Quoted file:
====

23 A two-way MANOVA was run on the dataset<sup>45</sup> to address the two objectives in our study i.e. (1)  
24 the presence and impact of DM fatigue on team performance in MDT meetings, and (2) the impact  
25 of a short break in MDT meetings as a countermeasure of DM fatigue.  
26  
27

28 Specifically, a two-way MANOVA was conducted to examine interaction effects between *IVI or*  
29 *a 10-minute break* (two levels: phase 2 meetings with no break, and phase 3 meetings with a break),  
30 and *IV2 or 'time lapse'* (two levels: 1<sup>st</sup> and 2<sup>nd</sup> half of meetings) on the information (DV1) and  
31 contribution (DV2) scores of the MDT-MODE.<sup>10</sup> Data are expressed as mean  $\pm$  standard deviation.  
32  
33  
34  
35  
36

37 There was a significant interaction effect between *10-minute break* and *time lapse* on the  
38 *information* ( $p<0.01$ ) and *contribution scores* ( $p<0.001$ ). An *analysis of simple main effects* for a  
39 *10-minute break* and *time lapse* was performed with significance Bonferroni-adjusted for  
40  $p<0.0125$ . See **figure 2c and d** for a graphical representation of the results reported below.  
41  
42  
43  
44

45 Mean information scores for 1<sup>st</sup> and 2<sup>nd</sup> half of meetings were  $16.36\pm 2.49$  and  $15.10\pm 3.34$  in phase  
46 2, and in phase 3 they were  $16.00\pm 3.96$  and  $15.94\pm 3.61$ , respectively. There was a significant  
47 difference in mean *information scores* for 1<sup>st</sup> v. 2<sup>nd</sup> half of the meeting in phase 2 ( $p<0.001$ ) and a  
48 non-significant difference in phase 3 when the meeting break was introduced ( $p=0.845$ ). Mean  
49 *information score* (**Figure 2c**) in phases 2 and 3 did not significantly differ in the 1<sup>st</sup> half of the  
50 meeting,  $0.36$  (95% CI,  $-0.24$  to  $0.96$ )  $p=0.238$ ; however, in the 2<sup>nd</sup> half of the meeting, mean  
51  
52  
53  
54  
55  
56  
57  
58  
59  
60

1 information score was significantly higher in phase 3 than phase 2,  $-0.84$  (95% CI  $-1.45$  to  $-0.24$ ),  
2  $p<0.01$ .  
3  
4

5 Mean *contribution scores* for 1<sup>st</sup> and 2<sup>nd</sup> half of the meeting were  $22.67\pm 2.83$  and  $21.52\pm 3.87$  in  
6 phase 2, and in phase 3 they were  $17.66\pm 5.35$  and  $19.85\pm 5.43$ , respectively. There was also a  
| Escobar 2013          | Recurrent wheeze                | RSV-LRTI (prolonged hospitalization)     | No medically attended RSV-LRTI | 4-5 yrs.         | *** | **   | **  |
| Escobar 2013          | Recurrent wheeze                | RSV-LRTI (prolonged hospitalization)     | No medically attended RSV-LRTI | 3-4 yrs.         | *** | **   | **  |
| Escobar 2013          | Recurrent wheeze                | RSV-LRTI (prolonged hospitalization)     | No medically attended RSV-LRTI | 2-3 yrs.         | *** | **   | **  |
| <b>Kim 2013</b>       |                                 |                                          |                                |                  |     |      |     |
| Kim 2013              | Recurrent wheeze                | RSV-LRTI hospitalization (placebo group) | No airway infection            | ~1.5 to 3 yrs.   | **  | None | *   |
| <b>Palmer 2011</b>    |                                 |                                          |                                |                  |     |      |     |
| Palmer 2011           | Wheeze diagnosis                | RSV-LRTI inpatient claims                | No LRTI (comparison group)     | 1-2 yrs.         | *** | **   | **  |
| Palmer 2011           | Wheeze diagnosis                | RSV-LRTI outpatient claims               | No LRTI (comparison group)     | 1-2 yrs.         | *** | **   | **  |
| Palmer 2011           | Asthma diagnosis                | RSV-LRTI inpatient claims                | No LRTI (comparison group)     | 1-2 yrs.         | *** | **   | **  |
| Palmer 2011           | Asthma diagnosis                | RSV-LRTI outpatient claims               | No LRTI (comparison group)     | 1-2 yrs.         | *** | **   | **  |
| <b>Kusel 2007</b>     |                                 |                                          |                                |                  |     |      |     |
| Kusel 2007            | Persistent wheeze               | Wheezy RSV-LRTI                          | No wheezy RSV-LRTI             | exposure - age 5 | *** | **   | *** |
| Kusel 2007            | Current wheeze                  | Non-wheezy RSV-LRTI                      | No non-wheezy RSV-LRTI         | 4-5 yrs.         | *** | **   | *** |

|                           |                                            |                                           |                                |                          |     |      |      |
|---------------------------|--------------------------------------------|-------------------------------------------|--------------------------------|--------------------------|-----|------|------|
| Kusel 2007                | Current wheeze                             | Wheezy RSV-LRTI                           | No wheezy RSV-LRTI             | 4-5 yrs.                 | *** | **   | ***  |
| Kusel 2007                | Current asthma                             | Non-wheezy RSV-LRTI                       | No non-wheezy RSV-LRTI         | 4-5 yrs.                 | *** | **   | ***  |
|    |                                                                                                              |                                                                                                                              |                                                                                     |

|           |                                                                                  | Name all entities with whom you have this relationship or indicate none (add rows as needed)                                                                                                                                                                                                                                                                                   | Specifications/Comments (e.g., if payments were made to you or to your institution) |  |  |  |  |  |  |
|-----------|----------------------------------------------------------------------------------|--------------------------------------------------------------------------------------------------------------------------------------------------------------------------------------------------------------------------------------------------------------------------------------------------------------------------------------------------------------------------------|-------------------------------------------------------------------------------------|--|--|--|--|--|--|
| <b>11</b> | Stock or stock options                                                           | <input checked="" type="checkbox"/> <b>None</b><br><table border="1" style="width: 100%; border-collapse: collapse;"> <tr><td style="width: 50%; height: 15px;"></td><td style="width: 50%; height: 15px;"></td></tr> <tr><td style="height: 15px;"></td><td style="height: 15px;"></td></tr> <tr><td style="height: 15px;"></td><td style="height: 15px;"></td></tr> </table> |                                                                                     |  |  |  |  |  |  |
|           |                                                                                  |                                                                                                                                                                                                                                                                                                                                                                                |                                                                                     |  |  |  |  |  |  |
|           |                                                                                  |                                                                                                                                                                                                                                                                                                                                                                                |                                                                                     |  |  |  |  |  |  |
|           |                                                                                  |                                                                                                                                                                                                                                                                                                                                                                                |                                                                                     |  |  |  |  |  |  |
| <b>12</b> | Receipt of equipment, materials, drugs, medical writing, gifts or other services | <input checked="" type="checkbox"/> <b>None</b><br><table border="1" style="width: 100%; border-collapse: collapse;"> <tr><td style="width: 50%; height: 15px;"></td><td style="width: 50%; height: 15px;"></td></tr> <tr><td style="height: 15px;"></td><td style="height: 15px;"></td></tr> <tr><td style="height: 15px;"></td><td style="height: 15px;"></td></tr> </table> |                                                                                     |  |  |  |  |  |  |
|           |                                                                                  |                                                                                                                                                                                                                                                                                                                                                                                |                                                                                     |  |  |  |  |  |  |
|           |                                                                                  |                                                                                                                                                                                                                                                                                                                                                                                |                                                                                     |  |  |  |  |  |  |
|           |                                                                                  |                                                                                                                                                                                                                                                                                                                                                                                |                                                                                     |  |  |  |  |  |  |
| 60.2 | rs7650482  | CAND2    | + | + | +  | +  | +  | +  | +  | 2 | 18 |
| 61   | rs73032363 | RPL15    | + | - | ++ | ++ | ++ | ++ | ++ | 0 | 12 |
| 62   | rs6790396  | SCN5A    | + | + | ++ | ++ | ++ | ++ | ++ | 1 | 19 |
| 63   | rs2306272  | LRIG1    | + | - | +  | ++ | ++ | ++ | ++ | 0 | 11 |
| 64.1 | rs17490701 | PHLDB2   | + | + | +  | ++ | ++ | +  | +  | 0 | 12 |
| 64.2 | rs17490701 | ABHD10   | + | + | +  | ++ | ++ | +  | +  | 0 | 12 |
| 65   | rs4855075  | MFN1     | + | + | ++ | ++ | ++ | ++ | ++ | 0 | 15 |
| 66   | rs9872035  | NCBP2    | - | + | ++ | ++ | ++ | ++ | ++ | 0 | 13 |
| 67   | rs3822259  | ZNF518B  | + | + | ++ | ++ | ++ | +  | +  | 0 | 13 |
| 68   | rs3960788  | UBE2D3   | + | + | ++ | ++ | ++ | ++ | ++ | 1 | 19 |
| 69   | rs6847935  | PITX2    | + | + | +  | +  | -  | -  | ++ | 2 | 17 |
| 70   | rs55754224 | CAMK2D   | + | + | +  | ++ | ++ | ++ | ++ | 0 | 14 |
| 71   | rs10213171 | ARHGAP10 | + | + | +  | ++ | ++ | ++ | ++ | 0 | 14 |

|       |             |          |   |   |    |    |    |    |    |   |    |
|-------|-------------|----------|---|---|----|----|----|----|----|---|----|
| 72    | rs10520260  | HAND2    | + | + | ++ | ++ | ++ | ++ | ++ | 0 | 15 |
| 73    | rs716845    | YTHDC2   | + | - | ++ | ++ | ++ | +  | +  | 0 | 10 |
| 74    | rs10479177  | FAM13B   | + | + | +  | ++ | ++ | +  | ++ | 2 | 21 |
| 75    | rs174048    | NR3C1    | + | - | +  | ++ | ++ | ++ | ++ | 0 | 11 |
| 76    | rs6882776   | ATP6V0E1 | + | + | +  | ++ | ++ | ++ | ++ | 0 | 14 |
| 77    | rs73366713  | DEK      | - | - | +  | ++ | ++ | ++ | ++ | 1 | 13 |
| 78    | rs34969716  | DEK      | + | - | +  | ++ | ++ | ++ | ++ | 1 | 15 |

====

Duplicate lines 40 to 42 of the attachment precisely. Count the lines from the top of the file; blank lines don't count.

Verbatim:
2  $p<0.01$ .  
3  
4